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pchadbo

Help me understand your point of view

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I reckon it feels like betrayal, eh? A stranger who doesn't care for yeh is one thing, but a friend or loved one who stops bein' a friend really hurts.

 

Let me tell you what felt like a betrayal, it was when the BSA was hijacked by the religious-right. When Unitarian scouts were basically told "we don't like your religion, and believe it's central tenets of faith are incompatible with BSA values", that was a betrayal. When the Boy Scouts basically stopped believing in their own policy:

"The Boy Scouts of America, therefore, recognizes the religious element in the training of the member, but is absolutely nonsectarian in its attitude toward that religious training. Its policy is that the home and the organization with which the member is connected shall give definite attention to religious life";

 

and effectively replaced it with:

 

"The BSA is a conservative Christian organization that allows others to participate as long as they follow conservative Christian values";

 

that was a betrayal.

 

I feel like this policy change is just a first step in undoing a betrayal of the real BSA values I grew up with as a cub scout, boy scout and explorer scout. The values of tolerance, honesty and respect for others.

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Yah, but Rick_in_CA, yeh do realize that da BSA you grew up with that taught you those values had exactly the same policy in place then as now, right?

 

Even as they objected to that lifestyle and kept Scoutin' clean and wholesome for you and your friends, they also lived and taught respect for others.

 

Bein' a conservative Christian and bein' committed to tolerance, honesty, and respect for others aren't incompatible, eh? In fact, they go together quite well. Provided yeh remember those lessons about respect and tolerance apply to everybody, not just da folks who agree with you. ;)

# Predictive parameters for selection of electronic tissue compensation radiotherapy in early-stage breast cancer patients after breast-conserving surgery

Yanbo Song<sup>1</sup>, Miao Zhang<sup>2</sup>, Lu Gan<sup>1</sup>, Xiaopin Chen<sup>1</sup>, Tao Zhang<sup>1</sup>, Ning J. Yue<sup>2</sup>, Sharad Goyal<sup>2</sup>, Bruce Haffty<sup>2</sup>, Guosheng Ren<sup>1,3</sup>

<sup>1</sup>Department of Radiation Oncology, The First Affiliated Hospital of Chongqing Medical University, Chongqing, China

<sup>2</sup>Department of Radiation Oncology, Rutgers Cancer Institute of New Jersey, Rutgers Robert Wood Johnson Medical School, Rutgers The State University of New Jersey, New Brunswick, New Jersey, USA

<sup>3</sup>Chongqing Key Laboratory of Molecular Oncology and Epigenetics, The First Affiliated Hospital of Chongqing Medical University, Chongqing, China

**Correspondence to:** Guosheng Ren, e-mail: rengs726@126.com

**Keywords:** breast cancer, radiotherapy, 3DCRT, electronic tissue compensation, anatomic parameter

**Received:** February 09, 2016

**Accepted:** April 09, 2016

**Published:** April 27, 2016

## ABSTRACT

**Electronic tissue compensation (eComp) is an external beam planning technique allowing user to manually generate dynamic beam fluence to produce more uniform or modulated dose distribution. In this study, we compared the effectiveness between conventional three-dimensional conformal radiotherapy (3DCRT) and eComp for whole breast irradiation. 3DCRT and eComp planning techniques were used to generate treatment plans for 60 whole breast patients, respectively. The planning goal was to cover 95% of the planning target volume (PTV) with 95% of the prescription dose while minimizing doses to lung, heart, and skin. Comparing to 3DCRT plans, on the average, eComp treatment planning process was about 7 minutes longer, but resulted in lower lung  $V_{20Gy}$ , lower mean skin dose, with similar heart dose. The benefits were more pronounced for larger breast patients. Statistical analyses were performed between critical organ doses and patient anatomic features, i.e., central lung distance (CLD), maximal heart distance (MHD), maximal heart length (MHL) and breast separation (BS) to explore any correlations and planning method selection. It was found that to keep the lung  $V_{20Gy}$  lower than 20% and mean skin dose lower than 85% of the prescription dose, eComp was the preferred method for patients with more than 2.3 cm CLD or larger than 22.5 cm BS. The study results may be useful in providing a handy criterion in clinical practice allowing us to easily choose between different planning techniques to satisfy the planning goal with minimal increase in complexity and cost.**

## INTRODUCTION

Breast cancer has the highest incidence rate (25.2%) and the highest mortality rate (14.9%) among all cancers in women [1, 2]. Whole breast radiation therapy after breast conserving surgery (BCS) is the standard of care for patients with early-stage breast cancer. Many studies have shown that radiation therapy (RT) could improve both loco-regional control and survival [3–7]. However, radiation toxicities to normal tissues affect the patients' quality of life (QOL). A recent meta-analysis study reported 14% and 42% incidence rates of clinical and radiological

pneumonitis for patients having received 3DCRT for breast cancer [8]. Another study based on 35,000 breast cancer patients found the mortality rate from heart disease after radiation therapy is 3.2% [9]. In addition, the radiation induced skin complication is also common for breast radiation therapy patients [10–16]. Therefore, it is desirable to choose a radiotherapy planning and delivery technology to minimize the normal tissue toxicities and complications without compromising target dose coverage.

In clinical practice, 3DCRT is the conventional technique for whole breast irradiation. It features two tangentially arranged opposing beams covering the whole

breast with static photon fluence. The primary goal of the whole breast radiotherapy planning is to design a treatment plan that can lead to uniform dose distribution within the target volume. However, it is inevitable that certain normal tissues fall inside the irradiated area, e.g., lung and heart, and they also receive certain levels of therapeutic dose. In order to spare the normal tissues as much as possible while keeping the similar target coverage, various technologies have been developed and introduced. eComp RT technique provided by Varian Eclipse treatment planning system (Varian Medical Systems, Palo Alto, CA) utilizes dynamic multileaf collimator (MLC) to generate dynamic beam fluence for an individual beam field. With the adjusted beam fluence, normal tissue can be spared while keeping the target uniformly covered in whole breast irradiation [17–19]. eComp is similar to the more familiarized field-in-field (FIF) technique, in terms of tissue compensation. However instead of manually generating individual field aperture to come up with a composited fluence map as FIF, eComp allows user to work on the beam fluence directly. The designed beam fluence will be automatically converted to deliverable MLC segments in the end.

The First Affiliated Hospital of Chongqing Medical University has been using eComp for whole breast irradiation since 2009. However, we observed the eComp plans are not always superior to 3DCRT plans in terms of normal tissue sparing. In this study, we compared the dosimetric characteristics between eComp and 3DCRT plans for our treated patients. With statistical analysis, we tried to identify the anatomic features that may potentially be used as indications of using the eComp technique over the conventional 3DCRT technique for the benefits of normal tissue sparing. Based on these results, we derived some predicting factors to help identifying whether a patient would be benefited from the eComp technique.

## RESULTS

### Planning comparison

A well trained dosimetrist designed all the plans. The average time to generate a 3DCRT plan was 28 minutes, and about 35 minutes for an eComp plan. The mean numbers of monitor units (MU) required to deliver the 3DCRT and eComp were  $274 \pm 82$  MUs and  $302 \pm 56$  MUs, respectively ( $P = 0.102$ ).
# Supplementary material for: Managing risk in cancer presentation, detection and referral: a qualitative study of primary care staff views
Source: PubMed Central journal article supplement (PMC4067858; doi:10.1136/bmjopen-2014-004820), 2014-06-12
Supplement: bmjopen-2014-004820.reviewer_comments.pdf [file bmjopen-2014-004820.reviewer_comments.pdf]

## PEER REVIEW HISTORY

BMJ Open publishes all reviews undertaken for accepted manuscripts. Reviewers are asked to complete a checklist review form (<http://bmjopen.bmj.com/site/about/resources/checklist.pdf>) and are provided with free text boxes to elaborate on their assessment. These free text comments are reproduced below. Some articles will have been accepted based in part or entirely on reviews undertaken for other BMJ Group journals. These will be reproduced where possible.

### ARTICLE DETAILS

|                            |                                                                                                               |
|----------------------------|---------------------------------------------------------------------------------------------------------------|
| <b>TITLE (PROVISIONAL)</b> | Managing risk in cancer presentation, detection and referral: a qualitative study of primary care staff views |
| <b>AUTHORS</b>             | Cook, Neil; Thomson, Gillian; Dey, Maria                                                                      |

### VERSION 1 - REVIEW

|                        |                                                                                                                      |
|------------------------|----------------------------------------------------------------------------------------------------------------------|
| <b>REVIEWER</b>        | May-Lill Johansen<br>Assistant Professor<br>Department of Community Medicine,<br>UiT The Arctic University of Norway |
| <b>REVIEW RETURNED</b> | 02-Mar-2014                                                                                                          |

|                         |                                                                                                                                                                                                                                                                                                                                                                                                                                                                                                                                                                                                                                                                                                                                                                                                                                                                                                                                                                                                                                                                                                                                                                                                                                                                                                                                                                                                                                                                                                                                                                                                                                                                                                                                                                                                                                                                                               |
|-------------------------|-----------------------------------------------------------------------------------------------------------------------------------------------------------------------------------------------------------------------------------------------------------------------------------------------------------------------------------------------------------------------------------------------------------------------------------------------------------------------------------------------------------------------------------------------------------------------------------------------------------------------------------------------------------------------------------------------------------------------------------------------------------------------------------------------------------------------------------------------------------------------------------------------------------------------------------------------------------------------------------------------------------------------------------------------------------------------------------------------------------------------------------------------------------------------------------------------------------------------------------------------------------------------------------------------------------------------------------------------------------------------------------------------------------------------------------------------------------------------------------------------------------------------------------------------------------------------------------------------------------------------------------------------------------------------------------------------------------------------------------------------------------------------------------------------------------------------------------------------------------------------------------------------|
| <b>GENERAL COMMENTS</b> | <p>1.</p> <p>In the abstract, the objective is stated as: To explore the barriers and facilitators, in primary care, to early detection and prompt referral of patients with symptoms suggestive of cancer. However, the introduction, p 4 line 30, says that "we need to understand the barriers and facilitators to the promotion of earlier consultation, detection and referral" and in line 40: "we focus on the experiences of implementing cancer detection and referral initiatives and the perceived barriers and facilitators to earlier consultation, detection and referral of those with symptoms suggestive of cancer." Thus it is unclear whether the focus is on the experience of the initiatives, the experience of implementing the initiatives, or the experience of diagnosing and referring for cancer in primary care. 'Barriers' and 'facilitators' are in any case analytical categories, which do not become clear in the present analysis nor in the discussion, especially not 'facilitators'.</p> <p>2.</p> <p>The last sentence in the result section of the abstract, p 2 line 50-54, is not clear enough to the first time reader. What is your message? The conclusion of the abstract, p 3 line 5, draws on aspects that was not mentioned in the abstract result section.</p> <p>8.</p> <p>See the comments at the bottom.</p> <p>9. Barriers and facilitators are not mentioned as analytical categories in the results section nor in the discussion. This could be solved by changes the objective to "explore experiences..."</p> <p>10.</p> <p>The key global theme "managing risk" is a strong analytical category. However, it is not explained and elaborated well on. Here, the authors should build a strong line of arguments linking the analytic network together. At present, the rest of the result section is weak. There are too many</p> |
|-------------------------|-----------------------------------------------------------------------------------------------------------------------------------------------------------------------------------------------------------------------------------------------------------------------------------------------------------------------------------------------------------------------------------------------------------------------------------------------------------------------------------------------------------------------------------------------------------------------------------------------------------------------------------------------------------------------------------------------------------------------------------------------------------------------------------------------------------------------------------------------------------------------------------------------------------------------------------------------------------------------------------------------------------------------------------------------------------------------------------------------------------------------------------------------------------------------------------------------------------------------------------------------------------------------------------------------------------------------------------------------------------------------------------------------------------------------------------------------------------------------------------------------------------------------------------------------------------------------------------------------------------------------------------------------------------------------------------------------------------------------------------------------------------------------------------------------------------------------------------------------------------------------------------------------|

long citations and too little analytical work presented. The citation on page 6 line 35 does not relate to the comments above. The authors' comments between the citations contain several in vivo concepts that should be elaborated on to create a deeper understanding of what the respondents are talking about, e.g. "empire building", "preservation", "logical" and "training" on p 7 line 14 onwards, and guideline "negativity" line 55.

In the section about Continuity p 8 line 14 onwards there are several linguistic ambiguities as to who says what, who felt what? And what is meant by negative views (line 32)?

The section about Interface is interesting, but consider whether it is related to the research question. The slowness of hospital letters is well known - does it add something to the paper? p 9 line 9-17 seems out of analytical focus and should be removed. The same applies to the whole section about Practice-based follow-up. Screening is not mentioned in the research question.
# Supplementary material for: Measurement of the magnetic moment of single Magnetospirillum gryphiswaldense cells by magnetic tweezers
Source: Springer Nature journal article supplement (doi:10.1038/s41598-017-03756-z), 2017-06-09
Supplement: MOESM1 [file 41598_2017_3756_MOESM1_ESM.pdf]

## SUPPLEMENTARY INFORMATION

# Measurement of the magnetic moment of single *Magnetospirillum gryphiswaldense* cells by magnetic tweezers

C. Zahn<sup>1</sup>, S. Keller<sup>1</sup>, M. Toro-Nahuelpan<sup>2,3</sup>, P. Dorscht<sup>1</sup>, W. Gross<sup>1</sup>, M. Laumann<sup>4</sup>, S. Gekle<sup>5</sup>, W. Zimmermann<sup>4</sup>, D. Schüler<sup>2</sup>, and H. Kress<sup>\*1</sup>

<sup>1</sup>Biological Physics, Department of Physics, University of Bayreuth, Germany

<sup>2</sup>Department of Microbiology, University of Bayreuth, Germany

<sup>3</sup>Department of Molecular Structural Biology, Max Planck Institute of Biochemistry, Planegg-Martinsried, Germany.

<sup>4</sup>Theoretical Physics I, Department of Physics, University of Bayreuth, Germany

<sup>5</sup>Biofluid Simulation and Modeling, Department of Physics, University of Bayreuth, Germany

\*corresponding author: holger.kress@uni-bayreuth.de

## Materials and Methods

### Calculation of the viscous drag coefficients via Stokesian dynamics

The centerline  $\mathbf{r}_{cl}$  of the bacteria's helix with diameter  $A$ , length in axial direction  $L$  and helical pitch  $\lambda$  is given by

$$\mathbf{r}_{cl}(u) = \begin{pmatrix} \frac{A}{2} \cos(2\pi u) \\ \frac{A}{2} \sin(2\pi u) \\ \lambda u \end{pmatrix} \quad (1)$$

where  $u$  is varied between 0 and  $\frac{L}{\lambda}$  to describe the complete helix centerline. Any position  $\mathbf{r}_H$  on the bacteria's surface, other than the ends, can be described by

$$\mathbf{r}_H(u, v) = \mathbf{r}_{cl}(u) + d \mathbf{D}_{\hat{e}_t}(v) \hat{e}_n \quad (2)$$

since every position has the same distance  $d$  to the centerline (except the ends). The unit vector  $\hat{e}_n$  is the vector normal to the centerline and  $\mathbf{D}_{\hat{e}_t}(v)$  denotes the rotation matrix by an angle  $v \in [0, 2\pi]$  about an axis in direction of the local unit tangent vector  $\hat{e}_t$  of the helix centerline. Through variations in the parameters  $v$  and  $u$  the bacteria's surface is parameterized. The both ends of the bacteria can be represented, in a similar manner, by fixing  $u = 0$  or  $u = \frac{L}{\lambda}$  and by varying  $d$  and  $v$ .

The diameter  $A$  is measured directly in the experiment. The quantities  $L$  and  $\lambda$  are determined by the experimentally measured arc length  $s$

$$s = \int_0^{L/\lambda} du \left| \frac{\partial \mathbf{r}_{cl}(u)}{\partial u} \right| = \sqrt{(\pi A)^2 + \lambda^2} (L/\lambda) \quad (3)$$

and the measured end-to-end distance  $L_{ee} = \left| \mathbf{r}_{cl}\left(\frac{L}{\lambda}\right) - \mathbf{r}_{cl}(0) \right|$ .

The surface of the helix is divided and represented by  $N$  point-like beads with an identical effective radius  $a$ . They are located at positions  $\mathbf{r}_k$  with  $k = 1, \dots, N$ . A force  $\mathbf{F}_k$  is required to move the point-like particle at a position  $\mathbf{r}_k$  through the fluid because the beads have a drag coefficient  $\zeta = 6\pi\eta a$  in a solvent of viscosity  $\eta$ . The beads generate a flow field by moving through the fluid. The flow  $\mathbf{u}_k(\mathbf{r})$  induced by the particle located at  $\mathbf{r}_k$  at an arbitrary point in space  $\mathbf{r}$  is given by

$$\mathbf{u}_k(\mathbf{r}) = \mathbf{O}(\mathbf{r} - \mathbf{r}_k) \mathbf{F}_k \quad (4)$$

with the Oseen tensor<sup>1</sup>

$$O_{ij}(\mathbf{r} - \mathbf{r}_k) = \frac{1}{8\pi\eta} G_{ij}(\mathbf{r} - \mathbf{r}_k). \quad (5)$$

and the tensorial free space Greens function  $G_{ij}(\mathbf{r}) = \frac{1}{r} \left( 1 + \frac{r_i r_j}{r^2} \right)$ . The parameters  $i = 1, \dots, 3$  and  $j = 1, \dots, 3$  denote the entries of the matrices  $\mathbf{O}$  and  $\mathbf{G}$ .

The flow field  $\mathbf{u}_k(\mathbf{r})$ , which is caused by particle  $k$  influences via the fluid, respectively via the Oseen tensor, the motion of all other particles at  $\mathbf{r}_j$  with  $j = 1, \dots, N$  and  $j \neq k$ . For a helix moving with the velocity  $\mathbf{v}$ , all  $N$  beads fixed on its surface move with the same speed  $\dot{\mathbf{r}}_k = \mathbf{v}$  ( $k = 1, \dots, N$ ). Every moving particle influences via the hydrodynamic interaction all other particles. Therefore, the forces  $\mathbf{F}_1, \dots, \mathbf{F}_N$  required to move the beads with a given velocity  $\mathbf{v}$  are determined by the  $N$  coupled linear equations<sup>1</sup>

Beavah

 

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MomToEli,

I appreciate your honesty and candor and truly respect and, quite frankly, agree with most of your positions, however, we are dealing with two seperate questions that I did not make quite clear enough. You have addressed the second: what would you do with a gay person in your Unit. The question I am asking though is not the hypothetical "if you had a gay leader. . ." question it is why would you leave simply because BSA National no longer bans all gays?

I understand and respect your answers and this could begin to be a serious YP issue, but that is a bridge for another day.

So I restate: why would you leave simply because BSA National no longer bans all gays?

" why would you leave simply because BSA National no longer bans all gays? " Because I believe that the Scout Oath means something. I took that oath many years ago, and I have never seen anything indicating that it had an expiration date. (Same with another one I took a few years later.)

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Anyway, I'm still trying to understand the reaction in which someone decides to leave scouting, not because their CO has lost its ability to discriminate, but because OTHERS have gained the freedom to choose NOT to discriminate.

 

So much of Scoutin' is shared, eh? Shared between lads and adults of many units and many chartered partners. Summer Camp and camporees and jamborees and round table. We send kids on their own with adults not selected by da Chartered Organization as provisional campers at summer camp and on council contingents to Philmont and SeaBase and Northern Tier and Jambo, and workin' summer camp staff as CITs, and participatin' in OA's Brotherhood of Cheerful Service. So if someone feels strongly about this issue, a change in policy is goin' to take a lot of Scouting away from their kids. For lots of troops that rely on BSA bases for high adventure, it's goin' to take all of that away for those boys.

 

Yah, sometimes I also reckon it's not da start point and the end point, eh? It's the change.

 

Folks who might be OK with their child in a public school that has gay teachers might opt out of Boy Scouting because they are upset by the change. The BSA had been a safe haven for 'em, a place they felt comfortable with as a family, that they truly trusted with their child. Then all of a sudden someone turned over da apple cart, and now Scouting is another institution workin' at cross-purposes to their family's values. More work to monitor, more time talkin' to their kids tryin' to keep 'em on da right path.

 

I reckon it feels like betrayal, eh? A stranger who doesn't care for yeh is one thing, but a friend or loved one who stops bein' a friend really hurts.

 

That's why da BSA's completely ham-handed handlin' of da issue is doin' more harm than might otherwise have been done. A long period of input, discussion and reflection done in a more open way, concludin' in a final vote where everyone at least felt like things were fully aired and everyone was thoughtful, would have helped mitigate that sudden-sharp-betrayal feelin'.